Many war wounds and the lethal diseases common to equatorial Africa made it painfully clear what the mission staff faced. Greiser and fellow physician Maria Rantanen of the Patmos Foundation of World Missions provided care for all patients. Samaritan’s Purse staff treated everyone with a need, even POWs of the Khartoum army.
In 1994 the UN Human Rights Commission released a report on Sudan documenting indiscriminate killings and torture as well as the kidnapping of children for sale as slaves. Largely because of these circumstances, Sudan is rated by international monitors of human rights as one of the five countries with the worst scores on the “human suffering index.”
Khartoum would not tolerate the practice of Christianity or any religion, save Islam, anywhere in Sudan, and the people suffered for it. At the hospital, nurses Helen Liko of Arizona and Etta Cooper of Indiana showed us an eight-month-old baby girl who had been shot, along with her entire family, by NIF forces. The high velocity bullet had torn through the child’s back. Her only hope was surgery to reroute her bowel to a colostomy. When we left Sudan the little girl was still alive, and the staff had sent for colostomy devices from the States.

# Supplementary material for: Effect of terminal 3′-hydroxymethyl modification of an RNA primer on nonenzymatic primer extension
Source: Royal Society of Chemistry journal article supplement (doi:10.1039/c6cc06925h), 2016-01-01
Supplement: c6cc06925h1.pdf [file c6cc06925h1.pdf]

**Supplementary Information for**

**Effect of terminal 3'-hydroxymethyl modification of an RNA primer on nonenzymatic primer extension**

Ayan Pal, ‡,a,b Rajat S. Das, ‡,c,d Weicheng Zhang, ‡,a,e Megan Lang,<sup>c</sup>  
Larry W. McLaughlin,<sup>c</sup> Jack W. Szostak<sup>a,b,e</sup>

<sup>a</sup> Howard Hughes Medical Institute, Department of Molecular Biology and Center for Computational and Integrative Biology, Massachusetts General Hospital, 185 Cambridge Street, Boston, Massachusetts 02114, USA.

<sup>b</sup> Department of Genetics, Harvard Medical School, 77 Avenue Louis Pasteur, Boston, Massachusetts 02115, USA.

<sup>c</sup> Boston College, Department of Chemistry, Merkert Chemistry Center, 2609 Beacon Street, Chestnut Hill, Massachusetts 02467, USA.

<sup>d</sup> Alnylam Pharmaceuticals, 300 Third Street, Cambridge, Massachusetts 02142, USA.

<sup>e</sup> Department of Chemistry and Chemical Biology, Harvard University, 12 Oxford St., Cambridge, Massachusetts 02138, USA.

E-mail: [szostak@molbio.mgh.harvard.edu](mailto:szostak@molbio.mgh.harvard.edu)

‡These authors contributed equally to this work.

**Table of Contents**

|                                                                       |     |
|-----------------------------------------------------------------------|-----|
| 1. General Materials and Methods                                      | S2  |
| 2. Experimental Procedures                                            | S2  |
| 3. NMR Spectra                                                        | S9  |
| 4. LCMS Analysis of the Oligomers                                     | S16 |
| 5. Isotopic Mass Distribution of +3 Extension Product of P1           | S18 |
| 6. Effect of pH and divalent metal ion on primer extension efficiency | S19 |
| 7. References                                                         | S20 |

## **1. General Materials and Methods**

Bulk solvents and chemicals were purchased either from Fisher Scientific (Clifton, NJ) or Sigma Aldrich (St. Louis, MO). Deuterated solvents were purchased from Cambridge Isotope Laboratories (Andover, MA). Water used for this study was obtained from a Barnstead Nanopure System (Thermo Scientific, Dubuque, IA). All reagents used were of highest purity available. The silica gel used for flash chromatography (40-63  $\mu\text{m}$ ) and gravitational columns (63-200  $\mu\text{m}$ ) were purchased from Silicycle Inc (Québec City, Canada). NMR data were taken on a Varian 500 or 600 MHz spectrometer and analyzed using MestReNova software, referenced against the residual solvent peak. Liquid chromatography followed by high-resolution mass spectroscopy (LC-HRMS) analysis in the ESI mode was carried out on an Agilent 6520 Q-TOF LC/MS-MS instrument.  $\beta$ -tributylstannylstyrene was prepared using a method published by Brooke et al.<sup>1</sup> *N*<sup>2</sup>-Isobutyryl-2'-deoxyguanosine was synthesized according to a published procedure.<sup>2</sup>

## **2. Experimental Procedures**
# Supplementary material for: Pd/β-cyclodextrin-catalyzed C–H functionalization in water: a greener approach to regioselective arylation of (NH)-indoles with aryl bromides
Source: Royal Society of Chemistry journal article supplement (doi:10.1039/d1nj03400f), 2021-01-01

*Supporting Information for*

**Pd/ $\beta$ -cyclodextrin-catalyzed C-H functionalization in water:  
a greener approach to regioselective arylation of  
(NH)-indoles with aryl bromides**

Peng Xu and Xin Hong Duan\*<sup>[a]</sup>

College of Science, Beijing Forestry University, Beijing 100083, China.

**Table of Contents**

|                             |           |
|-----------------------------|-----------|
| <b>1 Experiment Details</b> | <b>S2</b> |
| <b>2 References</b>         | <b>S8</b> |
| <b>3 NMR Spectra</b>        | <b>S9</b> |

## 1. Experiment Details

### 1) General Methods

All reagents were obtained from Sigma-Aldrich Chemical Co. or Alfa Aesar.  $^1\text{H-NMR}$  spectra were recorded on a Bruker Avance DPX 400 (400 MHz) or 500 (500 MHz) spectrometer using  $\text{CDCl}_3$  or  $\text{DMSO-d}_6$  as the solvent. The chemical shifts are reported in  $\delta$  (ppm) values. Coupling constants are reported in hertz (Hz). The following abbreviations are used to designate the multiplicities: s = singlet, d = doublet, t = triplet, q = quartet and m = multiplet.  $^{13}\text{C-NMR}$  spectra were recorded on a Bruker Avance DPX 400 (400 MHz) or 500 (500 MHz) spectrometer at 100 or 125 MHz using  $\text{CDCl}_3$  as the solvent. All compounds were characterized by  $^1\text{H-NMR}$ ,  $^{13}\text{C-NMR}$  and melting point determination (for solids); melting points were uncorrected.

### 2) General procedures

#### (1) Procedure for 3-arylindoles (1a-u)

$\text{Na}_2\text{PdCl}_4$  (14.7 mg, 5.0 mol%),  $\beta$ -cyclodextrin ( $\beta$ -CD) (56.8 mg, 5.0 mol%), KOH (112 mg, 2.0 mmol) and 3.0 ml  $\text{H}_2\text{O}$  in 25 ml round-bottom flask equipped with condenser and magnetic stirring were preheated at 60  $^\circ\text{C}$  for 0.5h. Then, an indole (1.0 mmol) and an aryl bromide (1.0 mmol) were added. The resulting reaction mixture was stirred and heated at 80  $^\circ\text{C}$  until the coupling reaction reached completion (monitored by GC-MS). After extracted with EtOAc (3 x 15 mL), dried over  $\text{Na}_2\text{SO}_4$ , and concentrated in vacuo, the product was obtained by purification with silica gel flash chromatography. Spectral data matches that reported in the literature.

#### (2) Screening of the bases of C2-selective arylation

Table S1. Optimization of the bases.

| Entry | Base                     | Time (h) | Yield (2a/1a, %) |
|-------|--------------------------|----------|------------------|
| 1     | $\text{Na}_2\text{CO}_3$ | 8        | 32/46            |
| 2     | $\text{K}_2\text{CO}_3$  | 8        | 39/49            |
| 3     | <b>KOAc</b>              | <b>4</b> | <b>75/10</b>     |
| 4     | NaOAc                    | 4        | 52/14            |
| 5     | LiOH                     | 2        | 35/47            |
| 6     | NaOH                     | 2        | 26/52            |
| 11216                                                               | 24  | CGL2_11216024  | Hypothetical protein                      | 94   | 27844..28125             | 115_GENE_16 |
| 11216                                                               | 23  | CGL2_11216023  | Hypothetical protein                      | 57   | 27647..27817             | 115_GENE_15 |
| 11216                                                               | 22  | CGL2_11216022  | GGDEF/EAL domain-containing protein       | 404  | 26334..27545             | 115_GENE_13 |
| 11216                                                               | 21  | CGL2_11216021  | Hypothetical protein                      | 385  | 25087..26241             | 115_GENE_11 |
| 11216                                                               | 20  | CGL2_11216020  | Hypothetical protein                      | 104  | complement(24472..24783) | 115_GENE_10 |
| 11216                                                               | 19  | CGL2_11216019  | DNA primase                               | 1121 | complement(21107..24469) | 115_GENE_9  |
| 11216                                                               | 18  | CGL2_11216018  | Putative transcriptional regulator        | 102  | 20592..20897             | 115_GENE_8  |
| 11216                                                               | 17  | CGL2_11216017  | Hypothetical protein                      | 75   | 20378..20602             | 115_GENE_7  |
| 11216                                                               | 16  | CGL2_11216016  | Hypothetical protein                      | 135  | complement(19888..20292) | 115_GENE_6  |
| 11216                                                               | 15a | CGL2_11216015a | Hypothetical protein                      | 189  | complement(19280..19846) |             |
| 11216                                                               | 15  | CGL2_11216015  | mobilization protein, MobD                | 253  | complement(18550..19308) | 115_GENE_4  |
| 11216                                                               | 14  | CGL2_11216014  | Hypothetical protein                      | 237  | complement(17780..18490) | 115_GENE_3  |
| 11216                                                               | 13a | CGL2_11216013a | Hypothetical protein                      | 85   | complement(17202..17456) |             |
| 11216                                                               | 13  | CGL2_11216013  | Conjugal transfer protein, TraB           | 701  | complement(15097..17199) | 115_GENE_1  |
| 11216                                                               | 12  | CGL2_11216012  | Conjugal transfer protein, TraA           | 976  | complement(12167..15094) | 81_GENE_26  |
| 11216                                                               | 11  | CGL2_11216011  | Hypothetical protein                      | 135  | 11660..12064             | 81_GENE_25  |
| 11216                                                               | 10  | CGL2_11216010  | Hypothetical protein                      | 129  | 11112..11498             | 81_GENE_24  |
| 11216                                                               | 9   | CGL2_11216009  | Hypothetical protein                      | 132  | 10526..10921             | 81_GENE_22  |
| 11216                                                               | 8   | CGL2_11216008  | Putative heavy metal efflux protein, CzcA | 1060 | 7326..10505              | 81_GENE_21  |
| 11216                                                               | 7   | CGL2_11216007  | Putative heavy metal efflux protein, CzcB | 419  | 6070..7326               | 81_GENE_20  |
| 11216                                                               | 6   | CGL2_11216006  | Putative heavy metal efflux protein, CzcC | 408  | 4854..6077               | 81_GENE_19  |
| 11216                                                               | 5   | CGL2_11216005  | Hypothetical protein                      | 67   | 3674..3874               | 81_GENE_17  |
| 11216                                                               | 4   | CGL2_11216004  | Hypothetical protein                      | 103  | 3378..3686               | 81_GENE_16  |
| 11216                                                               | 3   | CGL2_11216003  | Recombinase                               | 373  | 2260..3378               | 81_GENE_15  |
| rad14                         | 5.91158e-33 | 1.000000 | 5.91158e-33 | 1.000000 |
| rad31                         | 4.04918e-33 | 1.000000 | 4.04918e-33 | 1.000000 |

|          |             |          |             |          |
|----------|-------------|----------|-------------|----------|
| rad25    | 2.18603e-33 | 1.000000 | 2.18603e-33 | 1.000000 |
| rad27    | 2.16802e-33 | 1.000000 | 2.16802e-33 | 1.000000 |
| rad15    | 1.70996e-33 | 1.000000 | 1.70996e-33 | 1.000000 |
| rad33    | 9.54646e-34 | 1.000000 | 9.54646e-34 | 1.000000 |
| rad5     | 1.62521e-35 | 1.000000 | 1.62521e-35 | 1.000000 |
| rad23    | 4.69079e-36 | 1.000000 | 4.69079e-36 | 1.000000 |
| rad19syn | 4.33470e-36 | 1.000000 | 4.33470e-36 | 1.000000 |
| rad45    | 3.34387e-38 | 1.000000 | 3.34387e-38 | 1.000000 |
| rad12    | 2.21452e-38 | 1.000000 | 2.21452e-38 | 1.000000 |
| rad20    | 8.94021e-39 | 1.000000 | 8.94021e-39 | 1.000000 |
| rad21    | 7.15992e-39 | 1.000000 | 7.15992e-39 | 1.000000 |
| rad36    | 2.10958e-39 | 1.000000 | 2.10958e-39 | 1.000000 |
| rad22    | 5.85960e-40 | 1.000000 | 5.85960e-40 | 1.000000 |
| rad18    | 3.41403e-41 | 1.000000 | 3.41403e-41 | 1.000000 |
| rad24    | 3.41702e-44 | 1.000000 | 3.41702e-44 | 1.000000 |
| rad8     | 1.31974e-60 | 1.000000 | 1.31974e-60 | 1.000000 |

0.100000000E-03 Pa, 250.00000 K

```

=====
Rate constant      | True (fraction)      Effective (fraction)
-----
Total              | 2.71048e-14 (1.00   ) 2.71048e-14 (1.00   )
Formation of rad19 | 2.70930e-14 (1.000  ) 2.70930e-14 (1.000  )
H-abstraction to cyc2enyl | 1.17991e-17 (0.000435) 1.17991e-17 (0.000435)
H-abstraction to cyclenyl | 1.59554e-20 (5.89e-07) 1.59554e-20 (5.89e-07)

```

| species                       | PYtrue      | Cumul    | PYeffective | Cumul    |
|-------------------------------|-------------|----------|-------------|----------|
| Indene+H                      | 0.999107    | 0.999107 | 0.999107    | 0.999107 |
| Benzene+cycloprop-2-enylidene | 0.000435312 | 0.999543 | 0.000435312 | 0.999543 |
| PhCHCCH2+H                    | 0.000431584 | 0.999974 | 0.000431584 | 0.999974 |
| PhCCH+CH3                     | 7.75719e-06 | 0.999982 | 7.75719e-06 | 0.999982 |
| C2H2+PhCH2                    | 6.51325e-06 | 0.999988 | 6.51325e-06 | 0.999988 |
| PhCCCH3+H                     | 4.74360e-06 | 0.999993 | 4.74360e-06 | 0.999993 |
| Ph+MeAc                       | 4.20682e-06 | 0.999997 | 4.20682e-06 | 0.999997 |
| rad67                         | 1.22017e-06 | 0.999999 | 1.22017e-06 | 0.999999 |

The child’s experience was a metaphor for Sudan. The victim of religious hatred and intolerance, her life was saved by Christian faith and love. But her continued survival, certainly with any prospect of a meaningful, fulfilling life, is bound up in an end to the former and far more of the latter. Such too is the future of Sudan. Christ is their one hope, but it will only be realized if we Christians make that hope our sacrificial cause.

Scarborough is a member of West Jackson Baptist Church, Jackson, Tenn., who writes a column on legal issues from a Christian perspective carried in several state Baptist newspapers.

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  • Ivy Scarborough